TRACEY COOK remembers the moment her company's chief negotiator pointed to each union member at the bargaining table and threatened to replace them if they went on strike. Two weeks ago, she and 5,500 other union grocery store workers struck the company, Giant Eagle Markets Company. Now, instead of wrapping meat inside her Washington, Pa., grocery store, Ms. Cook pickets outside with a large sign. ``UNFAIR,'' it says in big black letters.
Here in southwestern Pennsylvania and across the United States, labor and business are at loggerheads over replacement workers. Once a little-used provision of labor law, the issue has become a cause c'el`ebre. Labor says it's unfair. Employers say it's vital.
When workers go out on strike, an employer can hire people to keep the business operating. In certain cases, the employers can make these replacement workers permanent and displace the strikers. The US and South Africa are the only two major industrial countries that allow this.
Union leaders are backing bills in Congress that would ban permanent replacements. Employers have organized quickly to fight the bills and have secured the promise of a presidential veto.
`Threat to the system'
The real issue here concerns the delicate balance of power between management and labor.
``This is going to affect the balance of power at the bargaining table,'' says Dan Yager, who studied the issue for the Employment Policy Foundation, an employer-funded research group.
The AFL-CIO, the nation's labor federation, calls the hiring of replacement workers ``a direct threat to the vitality of the collective bargaining system.'' Warns the Economic Policy Institute, a labor-supported research group: ``If allowed to continue, this practice will produce negative social and economic effects.''
From the signing of labor legislation in the 1930s until the 1980s, permanent replacement workers were not a major issue. The scant evidence available suggests that employers used them sparingly, and usually in small, localized strikes. When the US Supreme Court set rules for replacements in a 1938 case called National Labor Relations Board v. Mackay Radio and Telegraph Company, labor cheered because the ruling favored the workers.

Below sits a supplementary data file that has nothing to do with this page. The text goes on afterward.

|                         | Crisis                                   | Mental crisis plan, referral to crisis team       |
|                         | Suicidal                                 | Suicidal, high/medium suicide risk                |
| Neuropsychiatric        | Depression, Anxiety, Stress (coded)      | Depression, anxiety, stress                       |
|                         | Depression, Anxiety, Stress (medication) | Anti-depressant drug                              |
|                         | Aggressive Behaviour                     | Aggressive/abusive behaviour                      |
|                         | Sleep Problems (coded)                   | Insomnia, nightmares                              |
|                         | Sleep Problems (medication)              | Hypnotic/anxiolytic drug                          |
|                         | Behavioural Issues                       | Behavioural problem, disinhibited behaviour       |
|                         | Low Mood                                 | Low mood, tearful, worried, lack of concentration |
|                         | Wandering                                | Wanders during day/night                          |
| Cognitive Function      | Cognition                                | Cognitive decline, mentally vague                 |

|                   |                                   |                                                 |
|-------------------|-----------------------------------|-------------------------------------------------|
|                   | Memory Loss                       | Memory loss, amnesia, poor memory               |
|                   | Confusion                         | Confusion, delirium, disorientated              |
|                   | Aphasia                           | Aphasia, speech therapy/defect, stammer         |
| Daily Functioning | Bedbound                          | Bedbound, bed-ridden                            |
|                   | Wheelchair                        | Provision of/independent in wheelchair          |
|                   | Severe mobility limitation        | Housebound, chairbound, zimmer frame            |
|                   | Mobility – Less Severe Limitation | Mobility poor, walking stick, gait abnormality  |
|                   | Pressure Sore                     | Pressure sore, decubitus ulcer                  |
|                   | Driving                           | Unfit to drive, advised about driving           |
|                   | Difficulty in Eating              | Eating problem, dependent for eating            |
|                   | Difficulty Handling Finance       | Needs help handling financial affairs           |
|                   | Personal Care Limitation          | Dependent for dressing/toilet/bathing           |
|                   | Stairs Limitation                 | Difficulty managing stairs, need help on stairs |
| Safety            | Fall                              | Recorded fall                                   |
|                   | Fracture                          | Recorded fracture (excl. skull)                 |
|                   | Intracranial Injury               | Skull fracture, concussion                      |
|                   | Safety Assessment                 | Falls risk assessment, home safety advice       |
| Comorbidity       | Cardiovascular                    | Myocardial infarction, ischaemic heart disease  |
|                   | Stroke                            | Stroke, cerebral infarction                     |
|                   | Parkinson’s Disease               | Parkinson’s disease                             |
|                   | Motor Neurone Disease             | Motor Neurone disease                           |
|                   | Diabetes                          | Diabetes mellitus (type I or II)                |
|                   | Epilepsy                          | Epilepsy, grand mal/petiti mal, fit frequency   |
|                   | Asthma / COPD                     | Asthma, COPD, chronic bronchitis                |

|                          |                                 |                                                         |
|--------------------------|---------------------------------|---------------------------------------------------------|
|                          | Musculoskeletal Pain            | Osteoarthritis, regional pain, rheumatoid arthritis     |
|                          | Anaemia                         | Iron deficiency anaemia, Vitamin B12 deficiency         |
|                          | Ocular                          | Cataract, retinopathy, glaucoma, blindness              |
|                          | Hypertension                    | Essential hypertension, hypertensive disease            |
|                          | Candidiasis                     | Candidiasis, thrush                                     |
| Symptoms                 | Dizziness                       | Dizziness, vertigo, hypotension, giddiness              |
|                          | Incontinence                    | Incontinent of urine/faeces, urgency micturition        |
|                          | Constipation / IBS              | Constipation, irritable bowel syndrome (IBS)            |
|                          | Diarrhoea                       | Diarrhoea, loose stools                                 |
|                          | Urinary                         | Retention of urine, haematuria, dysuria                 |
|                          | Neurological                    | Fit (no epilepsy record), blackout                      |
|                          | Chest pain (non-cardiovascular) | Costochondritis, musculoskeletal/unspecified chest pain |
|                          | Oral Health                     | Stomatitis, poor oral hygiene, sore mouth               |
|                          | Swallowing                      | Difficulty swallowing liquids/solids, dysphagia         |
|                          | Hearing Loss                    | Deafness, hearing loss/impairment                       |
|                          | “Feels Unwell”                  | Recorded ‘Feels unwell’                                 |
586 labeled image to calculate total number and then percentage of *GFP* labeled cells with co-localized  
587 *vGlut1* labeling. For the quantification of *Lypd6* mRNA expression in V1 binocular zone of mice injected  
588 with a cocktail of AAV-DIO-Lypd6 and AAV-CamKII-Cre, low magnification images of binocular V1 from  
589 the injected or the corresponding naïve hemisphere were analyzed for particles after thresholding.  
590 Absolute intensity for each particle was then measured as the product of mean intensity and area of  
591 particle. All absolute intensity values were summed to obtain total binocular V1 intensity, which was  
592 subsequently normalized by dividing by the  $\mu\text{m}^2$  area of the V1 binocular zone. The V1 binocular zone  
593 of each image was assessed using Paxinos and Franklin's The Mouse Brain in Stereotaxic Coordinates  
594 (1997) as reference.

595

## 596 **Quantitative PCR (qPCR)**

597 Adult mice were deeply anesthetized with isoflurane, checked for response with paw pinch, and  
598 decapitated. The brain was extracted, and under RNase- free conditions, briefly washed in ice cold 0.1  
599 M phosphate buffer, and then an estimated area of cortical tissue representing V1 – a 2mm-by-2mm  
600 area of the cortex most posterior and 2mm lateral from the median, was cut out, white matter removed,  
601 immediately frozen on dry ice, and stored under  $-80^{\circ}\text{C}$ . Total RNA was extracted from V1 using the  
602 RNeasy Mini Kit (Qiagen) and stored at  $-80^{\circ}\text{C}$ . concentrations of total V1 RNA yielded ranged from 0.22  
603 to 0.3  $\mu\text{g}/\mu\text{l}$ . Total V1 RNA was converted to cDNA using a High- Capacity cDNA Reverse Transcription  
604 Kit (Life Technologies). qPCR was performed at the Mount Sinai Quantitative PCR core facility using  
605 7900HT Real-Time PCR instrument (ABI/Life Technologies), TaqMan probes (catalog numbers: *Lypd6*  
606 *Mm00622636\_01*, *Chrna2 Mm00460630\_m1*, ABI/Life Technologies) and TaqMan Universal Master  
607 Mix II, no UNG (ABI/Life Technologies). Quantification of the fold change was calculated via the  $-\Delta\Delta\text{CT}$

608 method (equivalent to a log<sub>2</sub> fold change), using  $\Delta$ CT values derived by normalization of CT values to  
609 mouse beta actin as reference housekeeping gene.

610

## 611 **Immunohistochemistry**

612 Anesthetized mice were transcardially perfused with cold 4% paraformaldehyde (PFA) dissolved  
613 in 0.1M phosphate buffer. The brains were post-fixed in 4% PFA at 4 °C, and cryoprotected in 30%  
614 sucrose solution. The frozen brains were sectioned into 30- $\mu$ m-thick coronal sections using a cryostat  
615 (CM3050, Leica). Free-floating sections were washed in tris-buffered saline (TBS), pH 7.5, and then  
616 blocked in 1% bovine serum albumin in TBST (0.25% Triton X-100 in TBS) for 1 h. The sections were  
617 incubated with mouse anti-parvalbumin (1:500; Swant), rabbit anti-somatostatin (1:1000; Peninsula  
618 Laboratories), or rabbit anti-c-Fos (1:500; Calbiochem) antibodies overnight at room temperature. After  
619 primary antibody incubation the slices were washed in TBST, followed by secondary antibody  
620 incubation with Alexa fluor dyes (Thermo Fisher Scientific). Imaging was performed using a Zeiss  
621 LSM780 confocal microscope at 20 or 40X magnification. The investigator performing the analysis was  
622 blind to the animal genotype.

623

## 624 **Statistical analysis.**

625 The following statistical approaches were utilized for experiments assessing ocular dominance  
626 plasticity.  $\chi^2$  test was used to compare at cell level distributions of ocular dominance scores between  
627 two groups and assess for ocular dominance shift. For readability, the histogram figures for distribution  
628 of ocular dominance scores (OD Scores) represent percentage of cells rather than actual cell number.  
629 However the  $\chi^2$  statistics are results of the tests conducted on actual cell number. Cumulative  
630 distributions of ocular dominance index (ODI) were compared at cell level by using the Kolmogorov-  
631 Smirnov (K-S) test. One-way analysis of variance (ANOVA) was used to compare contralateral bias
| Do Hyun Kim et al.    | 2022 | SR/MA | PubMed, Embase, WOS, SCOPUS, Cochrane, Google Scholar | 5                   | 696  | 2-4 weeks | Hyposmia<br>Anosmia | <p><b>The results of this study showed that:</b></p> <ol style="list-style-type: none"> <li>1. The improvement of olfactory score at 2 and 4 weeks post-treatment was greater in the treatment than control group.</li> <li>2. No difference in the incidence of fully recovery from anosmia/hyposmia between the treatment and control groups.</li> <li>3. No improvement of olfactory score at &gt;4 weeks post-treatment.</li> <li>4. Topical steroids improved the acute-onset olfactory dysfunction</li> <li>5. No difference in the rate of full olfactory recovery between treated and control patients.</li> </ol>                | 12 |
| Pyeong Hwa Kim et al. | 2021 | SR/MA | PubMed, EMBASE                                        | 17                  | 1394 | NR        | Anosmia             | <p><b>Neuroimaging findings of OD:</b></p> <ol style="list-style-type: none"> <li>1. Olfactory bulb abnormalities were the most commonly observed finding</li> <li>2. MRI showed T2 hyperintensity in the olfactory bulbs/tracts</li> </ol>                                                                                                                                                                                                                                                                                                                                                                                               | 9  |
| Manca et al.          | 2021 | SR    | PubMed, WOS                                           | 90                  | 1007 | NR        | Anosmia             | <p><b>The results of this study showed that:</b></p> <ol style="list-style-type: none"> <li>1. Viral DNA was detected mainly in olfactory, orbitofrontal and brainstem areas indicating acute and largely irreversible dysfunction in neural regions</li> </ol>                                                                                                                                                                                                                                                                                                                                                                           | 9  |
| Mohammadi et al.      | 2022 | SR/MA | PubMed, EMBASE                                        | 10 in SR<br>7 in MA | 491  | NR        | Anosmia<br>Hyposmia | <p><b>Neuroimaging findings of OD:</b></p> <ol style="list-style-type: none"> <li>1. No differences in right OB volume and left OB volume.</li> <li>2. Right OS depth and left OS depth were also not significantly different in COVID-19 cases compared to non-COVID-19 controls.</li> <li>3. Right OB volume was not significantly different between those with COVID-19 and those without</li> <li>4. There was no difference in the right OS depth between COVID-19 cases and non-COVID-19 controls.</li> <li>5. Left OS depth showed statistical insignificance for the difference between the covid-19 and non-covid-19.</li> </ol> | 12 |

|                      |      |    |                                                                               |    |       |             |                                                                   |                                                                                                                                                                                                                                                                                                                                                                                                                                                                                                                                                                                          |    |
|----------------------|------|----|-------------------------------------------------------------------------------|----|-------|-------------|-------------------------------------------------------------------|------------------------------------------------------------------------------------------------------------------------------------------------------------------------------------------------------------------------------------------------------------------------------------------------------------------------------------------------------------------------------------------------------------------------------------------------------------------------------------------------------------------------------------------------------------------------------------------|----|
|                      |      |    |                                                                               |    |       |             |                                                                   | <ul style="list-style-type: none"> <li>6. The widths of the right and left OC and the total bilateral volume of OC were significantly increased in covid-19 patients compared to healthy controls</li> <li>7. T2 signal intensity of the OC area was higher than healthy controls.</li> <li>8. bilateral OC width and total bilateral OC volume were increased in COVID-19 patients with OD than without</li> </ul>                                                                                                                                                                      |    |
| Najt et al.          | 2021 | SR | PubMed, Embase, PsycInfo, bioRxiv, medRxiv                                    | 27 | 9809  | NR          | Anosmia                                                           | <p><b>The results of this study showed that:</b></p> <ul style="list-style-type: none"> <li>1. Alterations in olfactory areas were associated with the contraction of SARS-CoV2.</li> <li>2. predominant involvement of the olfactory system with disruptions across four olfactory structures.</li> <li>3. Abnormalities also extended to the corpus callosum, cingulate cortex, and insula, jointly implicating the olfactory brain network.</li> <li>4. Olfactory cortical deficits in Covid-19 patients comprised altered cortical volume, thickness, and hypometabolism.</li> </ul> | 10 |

In essence, the court said employers could permanently replace employees who struck over economic issues alone (such as wages). But employers guilty of an unfair labor practice (such as refusing to bargain in good faith) had to rehire their original workers at the end of the strike.
Later court opinions and labor legislation weakened unions' power to conduct strikes. But even in 1977, the most recent attempt to overhaul labor law in a major way, most policymakers didn't object to the basic power equation of Mackay. An employer's right to hire permanent replacement workers balances an employee's right to strike.
But in the 1980s, a series of large, high-profile strikes showed that labor's ultimate weapon - the strike - had become quite weak.
Greyhound Lines, for example, broke its strike by hiring nonunion drivers and became a nonunion company. The New York Daily News and Pittston Coal also kept operating with nonunion help, but both eventually caved in when labor exerted enormous public pressure. Eastern Airlines kept its permanent replacements and never settled with its unions, but it finally went bankrupt.
It's not clear whether the use of permanent replacements went up in the 1980s. When the General Accounting Office looked at strikes in 1985 and 1989, it found that companies threatened to use permanent replacements about a third of the time. But they hired them in only 17 percent of the strikes. In all, only about 4 percent of all striking workers were replaced permanently.
Mr. Yager's study suggests that the use of replacement workers didn't go up during the 1980s. But his data - decisions handed down by the National Labor Relations Board - covers only a small minority of strikes.
Two sides don't agree
While business argues that the threat of permanent replacements allows companies to negotiate competitive contracts, labor leaders and scholars say the practice is anticompetitive, hindering labor-management cooperation.
Here at the Giant Eagle in southwest Pennsylvania, for example, mistrust is building on both sides. Union workers claim the company threatened to replace them permanently. Giant Eagle says its 480 replacement workers are only temporary.
Each side accuses the other of not bargaining seriously. Giant Eagle's stores lost most their business the first week of the strike, but sales are climbing back.
``We'll be here for the duration,'' says Cook defiantly, holding her strike sign to make sure it doesn't blow away.